Corroborating data from this research, a study with nursing workers who sought to elucidate the aspects above found an association (p <0.05) of the quadrants of high train (OR=4.6, IC=2.45 to 8.82) and active iob (OR=2.78, IC=1.40 to 5.51) with the MPD(15). Another study with the same population revealed, after logistic regression, that workers in high strain quadrant also had increased chances of developing MPD by 2.76 times (95% IC=1.21 to 6.27) compared to those who were in the low strain quadrant(14).

Active job is considered by the DCM authors as a quadrant with little association with workers’ health problems(3). However, this finding deserves consideration because, given the healthcare demands and strong commitment with care actions, workers allocated in this quadrant have psychological distress, although they consider that they have opportunities for learning, decision making and autonomy among other aspects, characteristic dimension of high job control.

This has been analyzed in the combination of two models of work-related stress (demand-control and effort-reward imbalance) and self-reported health by nursing workers. There were more chances for the health status self-reported as bad when the worker had excessive commitment to work, regardless of age, education, type of employment contract or number of jobs(19).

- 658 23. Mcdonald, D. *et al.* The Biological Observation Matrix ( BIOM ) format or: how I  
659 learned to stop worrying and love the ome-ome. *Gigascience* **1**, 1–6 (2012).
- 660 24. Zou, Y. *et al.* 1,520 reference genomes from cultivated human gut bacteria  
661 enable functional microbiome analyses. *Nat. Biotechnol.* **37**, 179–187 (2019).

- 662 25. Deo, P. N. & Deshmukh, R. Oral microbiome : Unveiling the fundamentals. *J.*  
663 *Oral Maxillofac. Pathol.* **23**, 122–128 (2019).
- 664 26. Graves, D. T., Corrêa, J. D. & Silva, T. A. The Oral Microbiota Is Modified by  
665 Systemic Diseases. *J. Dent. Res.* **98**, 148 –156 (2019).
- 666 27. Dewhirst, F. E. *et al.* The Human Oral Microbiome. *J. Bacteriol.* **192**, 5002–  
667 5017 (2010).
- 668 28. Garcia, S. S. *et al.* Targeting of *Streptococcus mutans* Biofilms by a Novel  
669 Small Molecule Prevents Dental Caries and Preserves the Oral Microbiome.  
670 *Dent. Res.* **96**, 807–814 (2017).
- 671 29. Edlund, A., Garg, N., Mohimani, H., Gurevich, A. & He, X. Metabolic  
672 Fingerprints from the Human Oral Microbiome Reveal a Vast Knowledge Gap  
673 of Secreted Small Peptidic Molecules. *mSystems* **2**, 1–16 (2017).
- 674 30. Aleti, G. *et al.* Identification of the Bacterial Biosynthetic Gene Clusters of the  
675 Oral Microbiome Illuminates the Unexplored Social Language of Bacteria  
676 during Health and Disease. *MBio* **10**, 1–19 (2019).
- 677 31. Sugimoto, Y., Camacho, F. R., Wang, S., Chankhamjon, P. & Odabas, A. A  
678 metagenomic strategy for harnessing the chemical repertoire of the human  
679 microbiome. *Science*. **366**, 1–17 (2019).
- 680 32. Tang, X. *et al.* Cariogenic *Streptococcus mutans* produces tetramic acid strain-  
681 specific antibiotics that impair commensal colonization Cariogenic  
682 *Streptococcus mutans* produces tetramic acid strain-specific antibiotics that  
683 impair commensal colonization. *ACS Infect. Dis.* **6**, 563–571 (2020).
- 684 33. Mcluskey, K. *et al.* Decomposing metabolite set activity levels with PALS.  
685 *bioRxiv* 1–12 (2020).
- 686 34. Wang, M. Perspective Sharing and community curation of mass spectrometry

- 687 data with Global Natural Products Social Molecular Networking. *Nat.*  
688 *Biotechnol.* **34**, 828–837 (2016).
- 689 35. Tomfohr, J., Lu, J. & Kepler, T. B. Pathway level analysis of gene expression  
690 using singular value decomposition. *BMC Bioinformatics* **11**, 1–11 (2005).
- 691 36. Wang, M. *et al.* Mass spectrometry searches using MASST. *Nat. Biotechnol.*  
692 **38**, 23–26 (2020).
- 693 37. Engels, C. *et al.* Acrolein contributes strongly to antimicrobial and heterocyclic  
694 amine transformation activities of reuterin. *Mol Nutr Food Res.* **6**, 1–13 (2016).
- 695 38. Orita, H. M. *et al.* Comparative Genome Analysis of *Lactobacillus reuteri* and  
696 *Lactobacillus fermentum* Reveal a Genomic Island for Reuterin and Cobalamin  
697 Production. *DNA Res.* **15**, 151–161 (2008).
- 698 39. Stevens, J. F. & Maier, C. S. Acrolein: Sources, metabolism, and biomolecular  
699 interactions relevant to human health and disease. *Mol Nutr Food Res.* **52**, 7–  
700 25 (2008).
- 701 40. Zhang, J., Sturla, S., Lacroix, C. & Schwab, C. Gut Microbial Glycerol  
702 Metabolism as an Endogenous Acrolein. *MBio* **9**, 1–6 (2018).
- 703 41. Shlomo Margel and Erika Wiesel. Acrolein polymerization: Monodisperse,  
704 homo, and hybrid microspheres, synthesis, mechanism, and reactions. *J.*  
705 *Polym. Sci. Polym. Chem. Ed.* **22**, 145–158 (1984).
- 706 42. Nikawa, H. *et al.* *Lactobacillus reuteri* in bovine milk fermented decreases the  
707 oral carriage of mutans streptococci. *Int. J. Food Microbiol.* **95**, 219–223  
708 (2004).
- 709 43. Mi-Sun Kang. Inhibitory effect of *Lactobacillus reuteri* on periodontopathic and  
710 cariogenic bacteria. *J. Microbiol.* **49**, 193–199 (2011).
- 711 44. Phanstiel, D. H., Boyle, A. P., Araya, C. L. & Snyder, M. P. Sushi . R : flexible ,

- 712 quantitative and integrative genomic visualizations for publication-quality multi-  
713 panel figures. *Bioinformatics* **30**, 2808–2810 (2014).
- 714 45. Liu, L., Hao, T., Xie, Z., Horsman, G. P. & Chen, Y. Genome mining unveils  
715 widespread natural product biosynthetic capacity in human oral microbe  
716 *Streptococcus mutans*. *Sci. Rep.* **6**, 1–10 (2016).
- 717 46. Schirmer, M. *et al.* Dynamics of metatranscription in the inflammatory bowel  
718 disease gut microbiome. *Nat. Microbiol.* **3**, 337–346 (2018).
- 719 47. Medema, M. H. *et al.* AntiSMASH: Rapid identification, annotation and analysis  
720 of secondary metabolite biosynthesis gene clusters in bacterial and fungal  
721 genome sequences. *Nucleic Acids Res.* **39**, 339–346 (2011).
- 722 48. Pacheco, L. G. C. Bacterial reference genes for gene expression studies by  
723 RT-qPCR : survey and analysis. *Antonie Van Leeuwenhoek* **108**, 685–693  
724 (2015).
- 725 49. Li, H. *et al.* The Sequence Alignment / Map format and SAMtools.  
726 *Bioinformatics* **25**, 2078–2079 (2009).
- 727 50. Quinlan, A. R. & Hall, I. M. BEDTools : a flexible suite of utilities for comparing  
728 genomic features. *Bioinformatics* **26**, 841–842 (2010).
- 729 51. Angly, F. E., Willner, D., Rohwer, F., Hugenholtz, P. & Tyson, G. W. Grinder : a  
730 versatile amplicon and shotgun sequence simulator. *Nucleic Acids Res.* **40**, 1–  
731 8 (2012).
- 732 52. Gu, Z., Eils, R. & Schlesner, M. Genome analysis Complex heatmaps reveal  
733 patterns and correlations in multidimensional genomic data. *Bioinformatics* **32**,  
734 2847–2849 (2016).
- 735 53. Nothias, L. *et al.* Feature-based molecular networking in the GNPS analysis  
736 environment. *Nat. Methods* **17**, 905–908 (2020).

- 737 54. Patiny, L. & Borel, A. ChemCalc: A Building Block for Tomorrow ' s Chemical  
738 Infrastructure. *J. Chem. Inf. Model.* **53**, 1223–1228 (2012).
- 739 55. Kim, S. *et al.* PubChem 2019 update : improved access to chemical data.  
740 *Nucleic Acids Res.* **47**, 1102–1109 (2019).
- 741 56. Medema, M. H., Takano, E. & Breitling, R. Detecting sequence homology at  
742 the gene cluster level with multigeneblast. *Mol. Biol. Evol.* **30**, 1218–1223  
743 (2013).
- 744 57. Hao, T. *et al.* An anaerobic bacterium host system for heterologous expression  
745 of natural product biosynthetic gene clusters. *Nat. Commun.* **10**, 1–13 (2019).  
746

It must also be considered that the activities of health professionals are strong generators of tension due to long working hours, limited number of professionals and psycho-emotional strain in the tasks performed in a hospital setting. This strain can "approach psychic suffering, by potentializing the exposure to psychic charge and not by living with the object of work (...), but by the work conditions in which these nursing workers are inserted"(20).

The association of the active job quadrant with MPD needs to be analyzed, since workers perceive themselves to have high demands, but also high job control. The findings of this study evidence that high control was not effective in reducing the effects of high psychological demands on workers. This aspect was also noted in another study(15).